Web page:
A study of the skulls of Neanderthals, comparing them to early and modern humans, concludes that that ancient group is unlikely to have been the ancestor of people today.
Scientists have long debated whether modern people are related to Neanderthals, the squat, powerful hunters who dominated Europe for 100,000 years before dying out on the arrival of modern humans.
The new study, led by anthropologist Katerina Harvati of New York University, measured 15 standard landmarks on the face and skull of Neanderthals, early modern humans, current humans as well as other primate species.
The study found that the differences measured between humans and Neanderthals were significantly greater than those found between subspecies of any single group, indicating Neanderthals were not a subspecies if humans. In addition, the difference was as great or greater than that found between closely related primate species, such as humans, gorillas and chimpanzees.
While Harvati says the analysis "cannot completely rule out" a relationship between humans and Neanderthals, it strongly suggests they are separate species.
Her report comes just four months after anthropologist Erik Trinkaus of Washington University in St. Louis reported the discovery of a jawbone in a cave in Romania that may be evidence of the earliest modern humans in Europe.
The jawbone, dated at 34,000 to 36,000 years ago when humans overlapped with Neanderthals, has characteristics similar to other early modern humans, but also certain features that indicate a possible Neanderthal connection, the researchers said. That suggests the possibility of interbreeding with Neanderthals.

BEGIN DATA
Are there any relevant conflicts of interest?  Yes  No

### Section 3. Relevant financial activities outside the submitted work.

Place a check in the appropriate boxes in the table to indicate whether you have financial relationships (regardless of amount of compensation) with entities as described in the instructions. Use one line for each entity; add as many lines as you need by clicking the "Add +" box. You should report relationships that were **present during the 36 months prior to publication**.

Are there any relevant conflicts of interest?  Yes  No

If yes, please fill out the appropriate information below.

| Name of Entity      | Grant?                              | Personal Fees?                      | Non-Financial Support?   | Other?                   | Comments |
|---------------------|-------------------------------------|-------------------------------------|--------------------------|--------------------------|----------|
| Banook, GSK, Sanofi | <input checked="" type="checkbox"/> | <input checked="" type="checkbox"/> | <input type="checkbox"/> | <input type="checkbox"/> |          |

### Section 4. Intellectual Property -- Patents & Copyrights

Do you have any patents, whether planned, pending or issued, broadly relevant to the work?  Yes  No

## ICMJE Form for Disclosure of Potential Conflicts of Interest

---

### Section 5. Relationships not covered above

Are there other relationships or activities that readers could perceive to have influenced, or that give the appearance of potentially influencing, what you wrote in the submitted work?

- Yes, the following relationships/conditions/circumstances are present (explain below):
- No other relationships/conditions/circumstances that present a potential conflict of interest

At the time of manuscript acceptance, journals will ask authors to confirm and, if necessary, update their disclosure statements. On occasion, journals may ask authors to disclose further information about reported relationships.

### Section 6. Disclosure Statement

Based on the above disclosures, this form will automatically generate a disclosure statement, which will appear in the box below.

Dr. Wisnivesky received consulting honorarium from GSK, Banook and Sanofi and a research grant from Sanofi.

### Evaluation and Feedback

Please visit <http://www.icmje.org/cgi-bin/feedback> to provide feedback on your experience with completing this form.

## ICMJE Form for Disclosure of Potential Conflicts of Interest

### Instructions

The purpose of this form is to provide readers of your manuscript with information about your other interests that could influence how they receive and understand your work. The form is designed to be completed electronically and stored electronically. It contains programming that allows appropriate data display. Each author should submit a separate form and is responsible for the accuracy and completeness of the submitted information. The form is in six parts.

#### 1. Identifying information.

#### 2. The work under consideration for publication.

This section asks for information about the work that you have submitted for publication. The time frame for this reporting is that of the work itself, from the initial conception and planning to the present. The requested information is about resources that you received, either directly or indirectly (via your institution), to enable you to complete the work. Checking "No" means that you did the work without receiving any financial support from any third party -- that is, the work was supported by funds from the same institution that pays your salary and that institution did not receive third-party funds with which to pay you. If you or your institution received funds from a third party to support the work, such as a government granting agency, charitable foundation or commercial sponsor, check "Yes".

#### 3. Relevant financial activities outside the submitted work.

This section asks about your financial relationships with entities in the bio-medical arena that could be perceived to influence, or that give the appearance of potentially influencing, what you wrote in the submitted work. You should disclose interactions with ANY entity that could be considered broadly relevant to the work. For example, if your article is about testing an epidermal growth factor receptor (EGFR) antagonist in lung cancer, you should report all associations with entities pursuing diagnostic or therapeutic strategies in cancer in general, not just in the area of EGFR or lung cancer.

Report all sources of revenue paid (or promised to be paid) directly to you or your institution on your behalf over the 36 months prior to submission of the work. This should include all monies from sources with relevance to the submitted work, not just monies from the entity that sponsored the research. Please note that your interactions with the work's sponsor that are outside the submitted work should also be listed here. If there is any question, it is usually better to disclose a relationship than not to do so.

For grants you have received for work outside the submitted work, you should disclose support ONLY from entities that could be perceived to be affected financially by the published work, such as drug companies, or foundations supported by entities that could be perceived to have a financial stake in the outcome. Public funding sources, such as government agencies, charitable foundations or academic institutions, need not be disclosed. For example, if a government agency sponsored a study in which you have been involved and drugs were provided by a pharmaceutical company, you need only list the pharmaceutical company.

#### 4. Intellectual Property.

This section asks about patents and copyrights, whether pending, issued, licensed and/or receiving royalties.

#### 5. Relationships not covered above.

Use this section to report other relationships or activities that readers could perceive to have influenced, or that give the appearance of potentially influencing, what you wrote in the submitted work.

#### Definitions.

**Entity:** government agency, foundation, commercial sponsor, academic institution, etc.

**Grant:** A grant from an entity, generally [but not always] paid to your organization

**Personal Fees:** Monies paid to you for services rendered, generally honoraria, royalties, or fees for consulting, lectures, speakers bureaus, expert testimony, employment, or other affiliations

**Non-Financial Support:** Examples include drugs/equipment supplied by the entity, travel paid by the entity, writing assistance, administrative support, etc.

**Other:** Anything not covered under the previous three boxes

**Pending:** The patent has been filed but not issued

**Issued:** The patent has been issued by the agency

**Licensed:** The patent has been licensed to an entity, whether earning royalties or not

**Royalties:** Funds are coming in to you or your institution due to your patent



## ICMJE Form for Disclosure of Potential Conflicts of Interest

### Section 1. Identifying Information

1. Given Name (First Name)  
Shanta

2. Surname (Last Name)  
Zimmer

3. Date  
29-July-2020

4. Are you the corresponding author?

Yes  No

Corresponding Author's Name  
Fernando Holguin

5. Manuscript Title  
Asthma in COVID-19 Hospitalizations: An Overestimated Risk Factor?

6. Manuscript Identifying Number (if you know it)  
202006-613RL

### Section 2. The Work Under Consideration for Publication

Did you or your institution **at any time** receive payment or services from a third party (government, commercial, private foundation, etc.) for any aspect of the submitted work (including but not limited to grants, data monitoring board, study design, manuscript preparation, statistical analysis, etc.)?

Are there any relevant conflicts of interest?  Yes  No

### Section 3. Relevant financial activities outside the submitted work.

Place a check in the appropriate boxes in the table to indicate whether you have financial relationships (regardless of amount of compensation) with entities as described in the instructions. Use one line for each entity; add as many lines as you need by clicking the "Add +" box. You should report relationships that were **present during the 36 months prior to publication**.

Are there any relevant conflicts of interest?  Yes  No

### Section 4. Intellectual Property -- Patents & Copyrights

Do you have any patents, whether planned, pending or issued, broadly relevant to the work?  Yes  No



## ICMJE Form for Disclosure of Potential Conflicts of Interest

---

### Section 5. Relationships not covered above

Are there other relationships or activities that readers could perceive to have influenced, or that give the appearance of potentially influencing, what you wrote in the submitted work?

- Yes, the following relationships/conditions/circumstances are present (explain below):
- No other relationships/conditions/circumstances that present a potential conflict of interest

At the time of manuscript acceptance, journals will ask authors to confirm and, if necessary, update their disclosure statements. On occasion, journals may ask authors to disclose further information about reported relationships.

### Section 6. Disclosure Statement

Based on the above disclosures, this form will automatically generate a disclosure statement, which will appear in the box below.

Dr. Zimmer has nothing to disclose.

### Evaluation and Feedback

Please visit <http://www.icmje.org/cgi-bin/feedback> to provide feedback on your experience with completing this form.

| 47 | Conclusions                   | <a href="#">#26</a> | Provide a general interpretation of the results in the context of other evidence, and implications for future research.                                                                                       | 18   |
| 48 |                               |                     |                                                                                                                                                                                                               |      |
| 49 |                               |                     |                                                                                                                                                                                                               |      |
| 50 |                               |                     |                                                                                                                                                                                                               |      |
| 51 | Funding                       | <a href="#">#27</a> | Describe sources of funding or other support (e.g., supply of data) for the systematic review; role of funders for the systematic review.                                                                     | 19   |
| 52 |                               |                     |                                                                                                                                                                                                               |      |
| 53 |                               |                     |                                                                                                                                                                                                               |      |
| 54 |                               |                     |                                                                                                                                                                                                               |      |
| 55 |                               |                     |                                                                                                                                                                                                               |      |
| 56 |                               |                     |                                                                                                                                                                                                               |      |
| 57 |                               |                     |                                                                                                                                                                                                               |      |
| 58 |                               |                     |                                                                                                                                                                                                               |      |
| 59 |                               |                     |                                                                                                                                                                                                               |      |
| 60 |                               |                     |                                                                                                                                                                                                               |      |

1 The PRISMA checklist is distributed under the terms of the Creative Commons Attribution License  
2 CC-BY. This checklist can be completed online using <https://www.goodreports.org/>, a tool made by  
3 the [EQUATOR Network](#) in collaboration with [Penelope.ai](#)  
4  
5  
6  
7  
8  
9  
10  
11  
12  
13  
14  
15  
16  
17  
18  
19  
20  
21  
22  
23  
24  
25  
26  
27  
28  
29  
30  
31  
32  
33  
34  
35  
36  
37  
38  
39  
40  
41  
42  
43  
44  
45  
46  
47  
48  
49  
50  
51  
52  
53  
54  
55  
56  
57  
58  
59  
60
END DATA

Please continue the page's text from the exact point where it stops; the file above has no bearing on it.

Last March, Richard G. Klein of Stanford University, reported that while studies of DNA indicate that Neanderthals and humans had a common ancestor, there is no evidence that the two ever mixed in substantial numbers, which means that when the Neanderthals died out, so did their genes.
But a study published in 2002 suggested that the genes of people today carry vestiges of genes of Neanderthals and other extinct branches of the human family.
That report by population biologist Alan R. Templeton of Washington University in St. Louis suggests there were at least two distinct human migrations out of Africa, the first between 420,000 and 840,000 years ago and the second between 80,000 and 150,000 years ago.
According to Templeton, the most recent migration, and perhaps both, were not "replacement events." Rather, he said DNA evidence shows evidence of interbreeding.
By Randolph E. Schmid